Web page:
The piston and its adjacent redstone block/circuit are a BUD switch, which toggles between on and off whenever a block update happens near it (such as a fire being lit or extinguished). Every time it toggles on, it sends a signal into the line above the two opposite-facing, side-by-side comparators. Because the comparators keep the signal strength coming out of them the same, the redstone will naturally decay by 1 per cycle around that loop (because the ledge has 2 blocks to travel, but the comparator will only maintain strength for 1). This creates a "cooldown timer", by which the torch on the side of the ledge will stay off a bit longer than the pulse; whenever the BUD trips, it resets the circuit, keeping the torch off even longer.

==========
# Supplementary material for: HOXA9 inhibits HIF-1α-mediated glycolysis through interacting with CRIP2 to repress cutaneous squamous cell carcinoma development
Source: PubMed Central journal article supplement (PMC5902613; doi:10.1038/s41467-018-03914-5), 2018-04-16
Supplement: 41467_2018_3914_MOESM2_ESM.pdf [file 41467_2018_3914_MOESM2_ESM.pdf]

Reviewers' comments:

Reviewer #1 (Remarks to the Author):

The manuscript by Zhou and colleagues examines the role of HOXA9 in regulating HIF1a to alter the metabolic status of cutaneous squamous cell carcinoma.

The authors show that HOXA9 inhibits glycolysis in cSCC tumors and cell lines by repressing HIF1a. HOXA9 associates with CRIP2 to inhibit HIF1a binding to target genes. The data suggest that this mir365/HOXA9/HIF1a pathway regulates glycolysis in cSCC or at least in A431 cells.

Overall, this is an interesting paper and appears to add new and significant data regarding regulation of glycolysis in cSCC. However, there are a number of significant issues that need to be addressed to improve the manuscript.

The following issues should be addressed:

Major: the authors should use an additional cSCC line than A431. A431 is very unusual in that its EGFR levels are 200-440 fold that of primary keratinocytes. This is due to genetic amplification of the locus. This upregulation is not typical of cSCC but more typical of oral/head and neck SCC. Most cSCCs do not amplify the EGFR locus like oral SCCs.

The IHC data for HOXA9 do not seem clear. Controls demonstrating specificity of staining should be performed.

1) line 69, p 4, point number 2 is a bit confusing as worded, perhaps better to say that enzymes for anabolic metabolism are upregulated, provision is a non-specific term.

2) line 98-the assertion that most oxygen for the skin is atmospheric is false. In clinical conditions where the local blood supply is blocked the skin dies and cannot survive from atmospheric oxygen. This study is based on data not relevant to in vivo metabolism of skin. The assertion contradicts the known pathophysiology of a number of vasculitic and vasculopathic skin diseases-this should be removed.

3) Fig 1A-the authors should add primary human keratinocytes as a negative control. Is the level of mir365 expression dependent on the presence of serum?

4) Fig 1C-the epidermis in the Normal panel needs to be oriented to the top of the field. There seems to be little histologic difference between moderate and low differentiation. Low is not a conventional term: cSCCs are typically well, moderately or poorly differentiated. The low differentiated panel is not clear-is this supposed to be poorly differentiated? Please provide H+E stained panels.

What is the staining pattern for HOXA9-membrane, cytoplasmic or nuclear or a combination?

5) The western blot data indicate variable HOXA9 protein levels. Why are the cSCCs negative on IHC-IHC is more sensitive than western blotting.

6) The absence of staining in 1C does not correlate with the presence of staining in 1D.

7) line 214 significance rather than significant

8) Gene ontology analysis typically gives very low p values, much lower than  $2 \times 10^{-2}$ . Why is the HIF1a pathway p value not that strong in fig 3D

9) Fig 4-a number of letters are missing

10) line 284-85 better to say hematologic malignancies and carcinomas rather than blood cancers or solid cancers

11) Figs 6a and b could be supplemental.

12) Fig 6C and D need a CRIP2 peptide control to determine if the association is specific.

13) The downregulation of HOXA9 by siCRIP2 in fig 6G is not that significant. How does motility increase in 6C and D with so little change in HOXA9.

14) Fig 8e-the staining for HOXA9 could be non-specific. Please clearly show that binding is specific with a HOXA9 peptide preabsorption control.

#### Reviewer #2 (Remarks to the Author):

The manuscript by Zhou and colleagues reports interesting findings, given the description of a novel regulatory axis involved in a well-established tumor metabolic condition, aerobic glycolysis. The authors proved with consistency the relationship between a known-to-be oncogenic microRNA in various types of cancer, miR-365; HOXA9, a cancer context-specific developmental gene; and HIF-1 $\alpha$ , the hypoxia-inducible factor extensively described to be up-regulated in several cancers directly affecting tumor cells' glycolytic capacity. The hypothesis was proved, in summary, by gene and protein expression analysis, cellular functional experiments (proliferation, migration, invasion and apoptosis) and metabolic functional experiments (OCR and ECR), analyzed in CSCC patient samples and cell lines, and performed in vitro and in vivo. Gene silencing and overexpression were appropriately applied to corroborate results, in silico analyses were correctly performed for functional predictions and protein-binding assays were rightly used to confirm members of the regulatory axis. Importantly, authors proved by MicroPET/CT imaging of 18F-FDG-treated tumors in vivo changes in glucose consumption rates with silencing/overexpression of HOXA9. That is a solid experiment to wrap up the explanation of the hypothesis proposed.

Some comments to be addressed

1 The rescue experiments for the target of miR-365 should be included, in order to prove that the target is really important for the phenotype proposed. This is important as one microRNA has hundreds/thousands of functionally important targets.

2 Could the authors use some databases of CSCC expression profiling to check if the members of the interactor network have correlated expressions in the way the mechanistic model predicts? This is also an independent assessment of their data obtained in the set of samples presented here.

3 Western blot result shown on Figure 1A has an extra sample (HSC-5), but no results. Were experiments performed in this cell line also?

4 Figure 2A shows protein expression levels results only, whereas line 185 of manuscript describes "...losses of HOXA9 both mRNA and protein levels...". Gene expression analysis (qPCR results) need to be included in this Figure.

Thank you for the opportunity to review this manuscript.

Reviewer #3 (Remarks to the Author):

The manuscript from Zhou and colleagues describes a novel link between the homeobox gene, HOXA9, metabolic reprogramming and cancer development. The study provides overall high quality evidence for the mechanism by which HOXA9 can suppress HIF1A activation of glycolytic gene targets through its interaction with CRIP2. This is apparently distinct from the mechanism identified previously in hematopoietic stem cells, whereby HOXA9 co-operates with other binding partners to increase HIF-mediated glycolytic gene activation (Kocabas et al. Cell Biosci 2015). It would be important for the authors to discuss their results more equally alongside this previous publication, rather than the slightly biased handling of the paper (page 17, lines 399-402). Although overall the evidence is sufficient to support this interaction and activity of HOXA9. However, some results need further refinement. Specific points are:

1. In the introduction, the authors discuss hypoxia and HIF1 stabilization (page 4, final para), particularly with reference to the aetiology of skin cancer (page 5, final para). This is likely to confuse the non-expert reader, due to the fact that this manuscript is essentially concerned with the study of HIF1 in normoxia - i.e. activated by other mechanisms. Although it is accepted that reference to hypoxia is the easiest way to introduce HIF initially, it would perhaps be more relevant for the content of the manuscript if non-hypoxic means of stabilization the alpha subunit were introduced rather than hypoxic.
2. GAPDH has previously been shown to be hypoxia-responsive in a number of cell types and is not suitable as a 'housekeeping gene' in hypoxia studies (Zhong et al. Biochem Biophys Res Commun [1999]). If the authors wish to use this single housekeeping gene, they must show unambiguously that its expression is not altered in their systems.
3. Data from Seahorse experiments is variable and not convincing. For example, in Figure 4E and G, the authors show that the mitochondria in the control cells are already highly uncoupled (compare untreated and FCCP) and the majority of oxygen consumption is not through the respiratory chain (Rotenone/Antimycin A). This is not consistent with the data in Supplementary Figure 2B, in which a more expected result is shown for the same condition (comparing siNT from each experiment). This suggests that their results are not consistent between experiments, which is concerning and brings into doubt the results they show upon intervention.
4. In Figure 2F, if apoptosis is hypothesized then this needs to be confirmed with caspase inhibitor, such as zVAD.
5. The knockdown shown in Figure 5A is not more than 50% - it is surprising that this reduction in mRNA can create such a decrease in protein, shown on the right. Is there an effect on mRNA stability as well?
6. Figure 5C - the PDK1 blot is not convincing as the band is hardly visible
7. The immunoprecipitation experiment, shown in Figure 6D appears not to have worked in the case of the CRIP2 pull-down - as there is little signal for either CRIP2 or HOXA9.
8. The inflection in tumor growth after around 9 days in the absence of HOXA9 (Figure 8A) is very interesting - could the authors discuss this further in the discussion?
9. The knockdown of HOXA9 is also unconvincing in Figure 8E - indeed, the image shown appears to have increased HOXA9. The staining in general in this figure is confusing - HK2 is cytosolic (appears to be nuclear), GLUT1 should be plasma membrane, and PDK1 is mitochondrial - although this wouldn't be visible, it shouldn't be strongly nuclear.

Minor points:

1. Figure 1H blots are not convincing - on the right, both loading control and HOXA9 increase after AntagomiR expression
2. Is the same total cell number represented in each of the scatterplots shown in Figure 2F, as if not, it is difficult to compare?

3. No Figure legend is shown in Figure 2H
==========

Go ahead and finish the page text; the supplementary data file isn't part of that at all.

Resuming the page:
The comparators on the left side are similar in that they create a fade-out timer. The only difference is that the signal from it is controlled by the torch on the ledge, and it's maintained one block longer with the second comparator. So when the torch is off, the lamp will stay on for a short while until that circuit dies out. The key is that the first circuit in the middle naturally decays at the same rate as the one on the left. That means after a single pulse of the BUD, as soon as the light would turn off, it's reset by the torch and kept on. However, if the torch keeps getting held off--say, by many BUD trips occurring in a short timespan because the fire keeps going out and getting re-lit by the dispenser--it'll give the left circuit time to fade out, and the light will turn off. As soon as the rain stops, the fire lasts longer between BUD triggers, giving the first circuit time to turn off, which turns the left circuit back on and lights the lamp again.